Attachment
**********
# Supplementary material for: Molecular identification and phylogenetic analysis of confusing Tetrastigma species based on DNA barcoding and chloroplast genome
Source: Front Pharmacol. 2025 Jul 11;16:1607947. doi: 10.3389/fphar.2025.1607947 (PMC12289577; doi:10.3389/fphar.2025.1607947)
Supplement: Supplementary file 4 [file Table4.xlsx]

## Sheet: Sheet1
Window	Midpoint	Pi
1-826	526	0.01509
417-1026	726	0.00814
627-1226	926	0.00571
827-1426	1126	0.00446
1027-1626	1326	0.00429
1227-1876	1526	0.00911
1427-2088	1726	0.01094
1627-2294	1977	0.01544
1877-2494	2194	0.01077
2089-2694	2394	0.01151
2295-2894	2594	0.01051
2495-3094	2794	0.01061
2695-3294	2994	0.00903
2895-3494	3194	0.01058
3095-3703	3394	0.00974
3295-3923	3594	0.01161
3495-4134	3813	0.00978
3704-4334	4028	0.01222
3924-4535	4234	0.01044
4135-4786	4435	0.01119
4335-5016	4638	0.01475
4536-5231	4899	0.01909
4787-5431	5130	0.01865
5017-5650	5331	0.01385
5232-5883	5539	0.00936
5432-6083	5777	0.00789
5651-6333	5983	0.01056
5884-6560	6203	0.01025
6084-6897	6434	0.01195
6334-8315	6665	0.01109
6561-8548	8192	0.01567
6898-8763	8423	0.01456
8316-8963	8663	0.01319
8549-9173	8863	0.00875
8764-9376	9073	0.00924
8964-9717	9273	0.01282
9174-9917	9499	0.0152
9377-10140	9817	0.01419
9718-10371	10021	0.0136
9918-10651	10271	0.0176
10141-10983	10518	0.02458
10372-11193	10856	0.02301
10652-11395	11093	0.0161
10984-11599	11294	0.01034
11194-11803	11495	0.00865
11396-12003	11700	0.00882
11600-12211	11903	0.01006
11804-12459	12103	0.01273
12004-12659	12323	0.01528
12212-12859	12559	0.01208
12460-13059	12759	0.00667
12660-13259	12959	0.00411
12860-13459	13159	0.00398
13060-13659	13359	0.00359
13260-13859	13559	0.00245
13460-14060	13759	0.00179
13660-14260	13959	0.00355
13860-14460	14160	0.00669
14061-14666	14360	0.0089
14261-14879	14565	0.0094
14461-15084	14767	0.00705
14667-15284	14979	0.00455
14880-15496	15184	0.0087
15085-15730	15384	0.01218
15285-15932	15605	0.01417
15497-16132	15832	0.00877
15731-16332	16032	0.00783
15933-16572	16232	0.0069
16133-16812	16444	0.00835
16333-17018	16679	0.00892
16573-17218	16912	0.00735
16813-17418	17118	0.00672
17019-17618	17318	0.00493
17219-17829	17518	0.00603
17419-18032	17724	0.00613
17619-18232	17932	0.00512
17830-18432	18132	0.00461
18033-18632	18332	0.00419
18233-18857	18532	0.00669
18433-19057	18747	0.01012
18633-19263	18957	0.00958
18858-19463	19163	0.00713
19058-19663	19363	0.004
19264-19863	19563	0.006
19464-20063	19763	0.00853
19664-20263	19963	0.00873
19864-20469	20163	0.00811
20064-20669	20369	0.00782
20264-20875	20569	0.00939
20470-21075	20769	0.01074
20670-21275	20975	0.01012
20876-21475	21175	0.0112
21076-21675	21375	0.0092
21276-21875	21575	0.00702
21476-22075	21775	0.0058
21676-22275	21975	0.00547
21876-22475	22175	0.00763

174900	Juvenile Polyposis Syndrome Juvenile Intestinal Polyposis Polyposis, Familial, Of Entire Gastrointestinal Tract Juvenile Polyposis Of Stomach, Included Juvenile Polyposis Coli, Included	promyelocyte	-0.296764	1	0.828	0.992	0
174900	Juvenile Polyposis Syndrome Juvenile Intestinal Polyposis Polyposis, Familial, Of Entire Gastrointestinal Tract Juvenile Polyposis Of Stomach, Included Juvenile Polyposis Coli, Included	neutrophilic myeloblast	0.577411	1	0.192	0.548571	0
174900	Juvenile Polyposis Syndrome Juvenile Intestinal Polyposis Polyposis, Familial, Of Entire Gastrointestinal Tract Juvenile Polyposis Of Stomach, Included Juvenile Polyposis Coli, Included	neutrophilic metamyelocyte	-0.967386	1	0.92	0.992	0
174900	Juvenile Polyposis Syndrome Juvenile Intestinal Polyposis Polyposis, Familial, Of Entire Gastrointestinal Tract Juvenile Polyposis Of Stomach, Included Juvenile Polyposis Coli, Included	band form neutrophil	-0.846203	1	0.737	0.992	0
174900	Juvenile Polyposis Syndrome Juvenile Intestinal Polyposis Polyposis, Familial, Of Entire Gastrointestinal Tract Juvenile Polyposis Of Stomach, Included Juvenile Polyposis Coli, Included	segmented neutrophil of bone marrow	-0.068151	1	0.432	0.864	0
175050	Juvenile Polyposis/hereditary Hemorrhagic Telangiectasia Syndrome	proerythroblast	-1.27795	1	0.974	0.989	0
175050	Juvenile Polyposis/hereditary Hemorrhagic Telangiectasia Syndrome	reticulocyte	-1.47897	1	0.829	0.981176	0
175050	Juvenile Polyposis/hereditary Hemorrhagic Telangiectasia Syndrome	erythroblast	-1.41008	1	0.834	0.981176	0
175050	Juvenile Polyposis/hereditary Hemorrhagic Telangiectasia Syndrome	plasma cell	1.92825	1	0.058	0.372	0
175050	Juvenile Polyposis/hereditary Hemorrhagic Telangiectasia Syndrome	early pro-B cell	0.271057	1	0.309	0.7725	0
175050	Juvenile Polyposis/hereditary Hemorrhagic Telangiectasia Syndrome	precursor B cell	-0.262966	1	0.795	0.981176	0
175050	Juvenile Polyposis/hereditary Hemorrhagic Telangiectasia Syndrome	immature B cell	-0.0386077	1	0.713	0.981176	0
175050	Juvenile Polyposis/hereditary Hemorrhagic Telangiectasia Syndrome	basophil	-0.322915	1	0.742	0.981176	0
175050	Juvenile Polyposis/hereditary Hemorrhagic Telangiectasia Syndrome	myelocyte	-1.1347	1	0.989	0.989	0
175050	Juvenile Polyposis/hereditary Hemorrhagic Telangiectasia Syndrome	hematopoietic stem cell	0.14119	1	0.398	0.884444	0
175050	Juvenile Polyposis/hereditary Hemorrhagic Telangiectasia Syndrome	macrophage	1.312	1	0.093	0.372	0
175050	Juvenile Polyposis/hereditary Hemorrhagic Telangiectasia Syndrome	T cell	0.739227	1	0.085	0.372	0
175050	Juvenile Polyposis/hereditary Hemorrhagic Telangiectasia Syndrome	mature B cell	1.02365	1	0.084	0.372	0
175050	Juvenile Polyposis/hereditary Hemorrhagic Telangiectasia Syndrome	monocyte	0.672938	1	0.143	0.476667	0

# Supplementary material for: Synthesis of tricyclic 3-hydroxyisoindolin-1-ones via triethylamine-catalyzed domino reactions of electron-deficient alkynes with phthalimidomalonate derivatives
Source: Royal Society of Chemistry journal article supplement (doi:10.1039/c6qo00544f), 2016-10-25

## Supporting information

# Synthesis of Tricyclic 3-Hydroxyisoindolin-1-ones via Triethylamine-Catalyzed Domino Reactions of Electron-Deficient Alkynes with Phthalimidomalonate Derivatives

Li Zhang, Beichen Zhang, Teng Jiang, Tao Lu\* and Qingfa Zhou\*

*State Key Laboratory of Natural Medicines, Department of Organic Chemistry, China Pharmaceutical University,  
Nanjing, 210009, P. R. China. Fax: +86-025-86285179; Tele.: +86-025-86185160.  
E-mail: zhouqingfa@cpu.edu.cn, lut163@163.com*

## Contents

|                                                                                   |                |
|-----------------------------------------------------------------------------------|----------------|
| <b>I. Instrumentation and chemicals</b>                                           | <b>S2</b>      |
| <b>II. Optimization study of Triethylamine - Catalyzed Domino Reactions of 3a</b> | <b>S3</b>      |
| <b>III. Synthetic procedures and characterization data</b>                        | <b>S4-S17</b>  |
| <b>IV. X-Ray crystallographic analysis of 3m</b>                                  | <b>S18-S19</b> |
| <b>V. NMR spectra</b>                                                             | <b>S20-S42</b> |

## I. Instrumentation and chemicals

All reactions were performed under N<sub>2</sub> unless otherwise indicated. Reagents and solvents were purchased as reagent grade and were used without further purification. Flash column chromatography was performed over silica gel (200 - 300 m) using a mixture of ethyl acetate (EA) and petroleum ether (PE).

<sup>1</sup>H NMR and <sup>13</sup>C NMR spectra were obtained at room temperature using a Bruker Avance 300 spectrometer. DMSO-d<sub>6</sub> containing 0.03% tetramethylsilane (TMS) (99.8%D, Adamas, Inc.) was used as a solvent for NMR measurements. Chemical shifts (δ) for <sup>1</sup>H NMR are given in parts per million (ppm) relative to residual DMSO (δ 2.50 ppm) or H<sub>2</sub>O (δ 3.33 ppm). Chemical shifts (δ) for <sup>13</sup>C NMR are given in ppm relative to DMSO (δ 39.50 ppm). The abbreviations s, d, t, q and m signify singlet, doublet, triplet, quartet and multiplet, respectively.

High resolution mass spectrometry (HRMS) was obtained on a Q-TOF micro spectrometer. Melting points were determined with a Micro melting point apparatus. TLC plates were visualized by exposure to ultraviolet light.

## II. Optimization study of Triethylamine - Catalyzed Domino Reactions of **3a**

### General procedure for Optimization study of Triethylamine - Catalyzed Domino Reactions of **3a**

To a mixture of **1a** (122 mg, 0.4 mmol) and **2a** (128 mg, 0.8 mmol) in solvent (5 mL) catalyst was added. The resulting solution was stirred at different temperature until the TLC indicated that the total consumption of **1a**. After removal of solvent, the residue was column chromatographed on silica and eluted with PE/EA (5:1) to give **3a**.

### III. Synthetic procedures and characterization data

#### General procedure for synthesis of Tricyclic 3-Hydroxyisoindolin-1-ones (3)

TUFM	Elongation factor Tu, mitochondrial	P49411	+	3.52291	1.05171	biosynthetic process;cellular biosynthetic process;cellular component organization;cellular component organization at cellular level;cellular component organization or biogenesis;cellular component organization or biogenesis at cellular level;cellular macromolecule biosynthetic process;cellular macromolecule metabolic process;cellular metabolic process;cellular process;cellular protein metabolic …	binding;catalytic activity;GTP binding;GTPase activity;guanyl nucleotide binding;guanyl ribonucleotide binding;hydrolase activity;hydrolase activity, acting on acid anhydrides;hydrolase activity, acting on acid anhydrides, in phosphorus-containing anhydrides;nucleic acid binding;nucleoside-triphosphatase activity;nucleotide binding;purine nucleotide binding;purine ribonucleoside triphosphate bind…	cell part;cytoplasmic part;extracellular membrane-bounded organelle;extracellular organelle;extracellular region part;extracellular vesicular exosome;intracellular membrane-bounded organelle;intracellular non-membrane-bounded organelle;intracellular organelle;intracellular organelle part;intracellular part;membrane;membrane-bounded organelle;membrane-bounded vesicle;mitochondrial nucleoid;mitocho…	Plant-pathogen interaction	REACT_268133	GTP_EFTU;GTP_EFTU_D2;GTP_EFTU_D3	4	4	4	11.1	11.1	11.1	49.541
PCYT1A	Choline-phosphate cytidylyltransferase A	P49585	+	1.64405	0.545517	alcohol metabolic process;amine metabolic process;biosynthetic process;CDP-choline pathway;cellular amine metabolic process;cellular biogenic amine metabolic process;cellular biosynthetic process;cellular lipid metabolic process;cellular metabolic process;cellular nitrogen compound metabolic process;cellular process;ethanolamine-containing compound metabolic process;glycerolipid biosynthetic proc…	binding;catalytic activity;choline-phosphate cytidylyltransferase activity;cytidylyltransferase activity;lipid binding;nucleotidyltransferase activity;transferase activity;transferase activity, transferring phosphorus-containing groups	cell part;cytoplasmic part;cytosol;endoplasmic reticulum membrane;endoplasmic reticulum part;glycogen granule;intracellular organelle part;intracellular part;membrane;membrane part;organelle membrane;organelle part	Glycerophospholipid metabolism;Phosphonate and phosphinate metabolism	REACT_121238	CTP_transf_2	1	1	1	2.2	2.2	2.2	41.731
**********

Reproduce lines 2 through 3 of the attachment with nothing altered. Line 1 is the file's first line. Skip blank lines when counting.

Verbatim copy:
Source: Front Pharmacol. 2025 Jul 11;16:1607947. doi: 10.3389/fphar.2025.1607947 (PMC12289577; doi:10.3389/fphar.2025.1607947)
Supplement: Supplementary file 4 [file Table4.xlsx]